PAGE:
As you can see by the image that adorns the top of this blog--
--and many prior posts, I am interested in the Pheonician/ Paleo-Hebrew alphabet known to Jewish tradition as כתב עברית, and by other names, as well as its offspring, the alphabet of the Samaritans.
Although the Samaritan alphabet was mostly unknown to Europeans until the travels of Pietro della Valle in the early 17th century (he brought a complete manuscript of the Samaritan Pentateuch from Syria to Europe), much less it's ancient ancestor Paleo-Hebrew, neither was it entirely unknown, as Jews had either not entirely forgotten their ancient ancestral alphabet, or contacts between European and Eastern Jews brought knowledge of the Samaritan alphabet to them. It sometimes surfaced in decorative form in mystical texts. See this post, which reproduced an image from a 15th century Judeo-Arabic text of the alphabet of the כט אלסאמרה והו כתב עברי:
Thus, in Avraham de Balmes' work on Hebrew grammar, the מקנה אברם printed on Bomberg's press in 1523, we find the following:
Several decades after de Balmes, Azariah de Rossi's Me'or Enayim included an analysis of this script. See this 4-year old post (which happens to have been one of my most popular post, judging by the continual hits it receives). The alphabet, allegedly כתב עברית, as printed in that book is more realistic than the one in Mikne Avram in that it more closely resembled the actual Samaritan. But it still was not really the Paleo-Hebrew used in the time of ancient Israel.
I came across Wilhelm Schickard's Bechinath Happeruschim (1624), in which he reproduces de Balme's text and graphic:
However, at this time he was able to supplement it with a better version of the Samaritan alphabet. Actually, he ought to have been able to use the true alphabet, della Valle having brought the Samaritan manuscript back to Italy eight years earlier.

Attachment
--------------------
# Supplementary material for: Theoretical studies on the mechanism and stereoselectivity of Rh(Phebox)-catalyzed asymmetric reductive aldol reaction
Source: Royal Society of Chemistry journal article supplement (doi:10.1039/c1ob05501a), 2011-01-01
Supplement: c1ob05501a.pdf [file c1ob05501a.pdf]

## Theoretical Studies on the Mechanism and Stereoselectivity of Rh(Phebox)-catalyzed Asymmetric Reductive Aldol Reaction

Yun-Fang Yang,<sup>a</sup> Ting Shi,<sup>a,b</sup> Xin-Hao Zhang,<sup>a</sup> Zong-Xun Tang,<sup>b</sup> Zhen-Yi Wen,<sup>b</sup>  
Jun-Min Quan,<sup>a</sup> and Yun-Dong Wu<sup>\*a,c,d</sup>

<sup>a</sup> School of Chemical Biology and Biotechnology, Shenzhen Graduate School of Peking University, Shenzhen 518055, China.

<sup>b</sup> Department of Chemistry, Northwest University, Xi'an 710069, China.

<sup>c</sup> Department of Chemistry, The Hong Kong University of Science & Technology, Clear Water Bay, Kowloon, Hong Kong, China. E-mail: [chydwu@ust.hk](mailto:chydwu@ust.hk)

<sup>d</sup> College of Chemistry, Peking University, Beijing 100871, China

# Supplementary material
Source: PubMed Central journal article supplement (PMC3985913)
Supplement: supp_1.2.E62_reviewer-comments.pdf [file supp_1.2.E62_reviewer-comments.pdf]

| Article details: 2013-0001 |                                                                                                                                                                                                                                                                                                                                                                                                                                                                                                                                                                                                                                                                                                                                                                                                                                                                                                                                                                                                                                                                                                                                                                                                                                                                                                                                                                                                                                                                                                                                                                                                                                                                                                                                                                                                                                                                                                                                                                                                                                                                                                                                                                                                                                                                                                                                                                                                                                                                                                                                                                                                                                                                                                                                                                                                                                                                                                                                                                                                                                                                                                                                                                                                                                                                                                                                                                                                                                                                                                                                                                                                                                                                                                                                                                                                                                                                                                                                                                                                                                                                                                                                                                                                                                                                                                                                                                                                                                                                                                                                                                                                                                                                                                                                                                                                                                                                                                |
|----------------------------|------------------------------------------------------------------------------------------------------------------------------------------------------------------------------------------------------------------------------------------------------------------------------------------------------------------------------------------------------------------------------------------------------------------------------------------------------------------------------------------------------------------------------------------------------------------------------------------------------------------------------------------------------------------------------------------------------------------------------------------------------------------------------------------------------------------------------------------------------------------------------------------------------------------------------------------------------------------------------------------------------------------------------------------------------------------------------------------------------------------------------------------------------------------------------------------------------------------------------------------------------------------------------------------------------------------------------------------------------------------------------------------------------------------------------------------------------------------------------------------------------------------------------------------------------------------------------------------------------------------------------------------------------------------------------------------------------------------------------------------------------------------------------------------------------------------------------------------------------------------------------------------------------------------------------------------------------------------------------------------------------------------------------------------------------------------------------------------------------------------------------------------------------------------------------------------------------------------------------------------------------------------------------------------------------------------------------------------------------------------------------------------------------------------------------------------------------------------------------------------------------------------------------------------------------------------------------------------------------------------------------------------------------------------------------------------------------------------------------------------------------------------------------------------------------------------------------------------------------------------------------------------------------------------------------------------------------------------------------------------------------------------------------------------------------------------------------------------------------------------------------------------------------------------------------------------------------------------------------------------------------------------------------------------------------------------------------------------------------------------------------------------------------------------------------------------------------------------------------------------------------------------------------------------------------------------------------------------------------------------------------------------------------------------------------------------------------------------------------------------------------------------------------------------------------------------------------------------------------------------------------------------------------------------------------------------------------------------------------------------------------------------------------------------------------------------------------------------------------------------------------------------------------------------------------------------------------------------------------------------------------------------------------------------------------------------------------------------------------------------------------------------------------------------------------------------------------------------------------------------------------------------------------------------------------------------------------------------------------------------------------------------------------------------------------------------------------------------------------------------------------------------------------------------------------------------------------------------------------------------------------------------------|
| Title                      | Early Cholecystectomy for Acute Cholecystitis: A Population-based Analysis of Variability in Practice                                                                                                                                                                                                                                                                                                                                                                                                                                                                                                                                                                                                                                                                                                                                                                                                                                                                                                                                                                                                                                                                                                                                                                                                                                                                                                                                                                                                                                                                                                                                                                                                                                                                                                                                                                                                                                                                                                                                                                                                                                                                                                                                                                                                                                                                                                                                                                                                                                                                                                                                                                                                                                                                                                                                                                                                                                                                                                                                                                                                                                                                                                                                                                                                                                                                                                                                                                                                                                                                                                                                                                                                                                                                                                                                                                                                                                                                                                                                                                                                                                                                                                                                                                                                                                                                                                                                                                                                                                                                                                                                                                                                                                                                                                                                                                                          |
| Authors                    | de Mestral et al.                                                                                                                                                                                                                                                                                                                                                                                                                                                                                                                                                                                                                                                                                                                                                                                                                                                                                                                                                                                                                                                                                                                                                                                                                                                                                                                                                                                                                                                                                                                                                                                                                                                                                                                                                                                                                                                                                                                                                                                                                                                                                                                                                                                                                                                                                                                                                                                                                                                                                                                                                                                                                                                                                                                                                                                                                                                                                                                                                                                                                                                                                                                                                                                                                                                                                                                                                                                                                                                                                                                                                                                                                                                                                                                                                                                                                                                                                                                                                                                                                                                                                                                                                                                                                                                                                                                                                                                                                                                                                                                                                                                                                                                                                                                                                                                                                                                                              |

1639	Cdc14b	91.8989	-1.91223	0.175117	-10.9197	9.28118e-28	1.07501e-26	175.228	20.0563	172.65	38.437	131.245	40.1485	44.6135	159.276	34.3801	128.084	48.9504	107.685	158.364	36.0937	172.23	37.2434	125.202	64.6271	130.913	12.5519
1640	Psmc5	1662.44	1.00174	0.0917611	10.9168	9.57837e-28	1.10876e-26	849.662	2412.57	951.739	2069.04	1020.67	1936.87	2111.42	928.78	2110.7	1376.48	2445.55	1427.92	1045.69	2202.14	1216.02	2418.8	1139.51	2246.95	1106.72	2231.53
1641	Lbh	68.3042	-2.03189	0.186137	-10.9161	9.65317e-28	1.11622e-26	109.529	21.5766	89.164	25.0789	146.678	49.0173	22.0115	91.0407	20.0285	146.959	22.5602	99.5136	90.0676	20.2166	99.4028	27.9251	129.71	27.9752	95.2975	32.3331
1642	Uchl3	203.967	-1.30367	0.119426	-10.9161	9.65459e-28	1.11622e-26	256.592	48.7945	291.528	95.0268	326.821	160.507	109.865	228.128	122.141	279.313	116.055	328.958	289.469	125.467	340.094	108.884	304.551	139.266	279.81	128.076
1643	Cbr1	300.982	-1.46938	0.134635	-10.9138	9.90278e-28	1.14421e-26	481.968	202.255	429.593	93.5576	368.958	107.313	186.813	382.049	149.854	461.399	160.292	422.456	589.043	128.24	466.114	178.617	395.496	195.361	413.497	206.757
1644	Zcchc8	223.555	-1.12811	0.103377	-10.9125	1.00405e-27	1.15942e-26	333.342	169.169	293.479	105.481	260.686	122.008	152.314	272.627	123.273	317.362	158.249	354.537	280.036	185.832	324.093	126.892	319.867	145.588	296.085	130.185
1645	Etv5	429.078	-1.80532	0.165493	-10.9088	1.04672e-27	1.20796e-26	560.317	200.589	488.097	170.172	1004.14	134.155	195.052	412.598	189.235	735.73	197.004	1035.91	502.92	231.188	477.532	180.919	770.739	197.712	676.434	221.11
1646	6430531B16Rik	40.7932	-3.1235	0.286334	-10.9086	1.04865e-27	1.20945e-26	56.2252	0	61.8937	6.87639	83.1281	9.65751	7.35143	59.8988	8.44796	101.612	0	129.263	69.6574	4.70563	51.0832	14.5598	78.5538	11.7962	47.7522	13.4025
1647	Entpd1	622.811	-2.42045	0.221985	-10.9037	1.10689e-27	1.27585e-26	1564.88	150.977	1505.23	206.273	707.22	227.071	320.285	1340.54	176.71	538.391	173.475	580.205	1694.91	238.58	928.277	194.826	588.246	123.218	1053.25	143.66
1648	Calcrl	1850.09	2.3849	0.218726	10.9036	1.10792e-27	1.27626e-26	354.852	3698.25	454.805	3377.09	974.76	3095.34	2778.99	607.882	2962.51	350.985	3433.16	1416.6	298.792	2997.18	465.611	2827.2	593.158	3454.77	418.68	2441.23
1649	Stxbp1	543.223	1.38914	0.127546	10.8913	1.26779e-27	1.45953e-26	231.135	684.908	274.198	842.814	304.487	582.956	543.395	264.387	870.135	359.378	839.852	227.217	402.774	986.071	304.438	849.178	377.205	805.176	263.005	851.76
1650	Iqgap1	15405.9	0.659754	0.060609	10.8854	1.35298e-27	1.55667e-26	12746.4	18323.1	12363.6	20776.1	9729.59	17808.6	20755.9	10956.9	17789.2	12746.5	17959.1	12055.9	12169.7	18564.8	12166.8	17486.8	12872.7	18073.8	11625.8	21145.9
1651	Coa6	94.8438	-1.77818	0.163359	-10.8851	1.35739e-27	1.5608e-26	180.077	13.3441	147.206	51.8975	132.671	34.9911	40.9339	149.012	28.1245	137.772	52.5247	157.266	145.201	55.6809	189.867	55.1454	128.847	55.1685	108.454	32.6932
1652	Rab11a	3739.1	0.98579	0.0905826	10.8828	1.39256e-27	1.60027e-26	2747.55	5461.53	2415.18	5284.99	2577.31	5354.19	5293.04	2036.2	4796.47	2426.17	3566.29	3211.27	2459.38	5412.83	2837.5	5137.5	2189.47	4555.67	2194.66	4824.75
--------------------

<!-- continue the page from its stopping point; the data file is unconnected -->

By the late 17th century, Europeans had become pros at the Samaritan alphabet and text:
The above being from Johannes Leusden's 1699 Philologus Hebraeo-mixtus, which also happens to contain the following very interesting illustration (as well as several others!):
Since the origin of the Greek alphabet was also of great interest in Europe, and since it so happens to have descended from the Phoenician, which is more or less identical with Paleo-Hebrew, the antiquity of Greek was also an object of scholarly and archaeological discovery. By the mid-18th century it was already realized that the Samaritan is not identical with כתב עברית more or less once it was noticed that the ancient Hebrew script was in fact probably identical with the Punic alphabet used by the Carthaginians. Artifacts belonging to these descendants-of-Canaanites could be found in Europe itself, often in the form of coins found in Spain and Sicily, as well as places like Malta, and of course North Africa. Below is a page which discusses this very point, from a 1748 text called 'The History of the Carthaginians,' in a multi-volume encylopedia called 'An Universal history, from the earliest account of time.'
The sources for this discussion and analysis is Valentin Ernst Loescher's De causis linguae hebraeae (1706) and Adriaan Reland's Antiquitates sacrae veterum Hebraeorum (1712)..
Loescher included images of Punic coins, and an alphabetic table:
From the 50th volume of the Royal Society's Philosophical transactions (1758).
Just to sort of illustrate that we are still talking about the very early stages of paleography and archaeology, a very primitive time really, see below:
As you can see, even the character of the Egyptian writing system was still totally obscure in Europe.
Someone writing in 1749 makes clear that paleography was very little developed at the time, even though no doubt some of it more reflects the lack of Hebrew expertise of the author:
However, the following shows his acumen and instinct regarding paleography: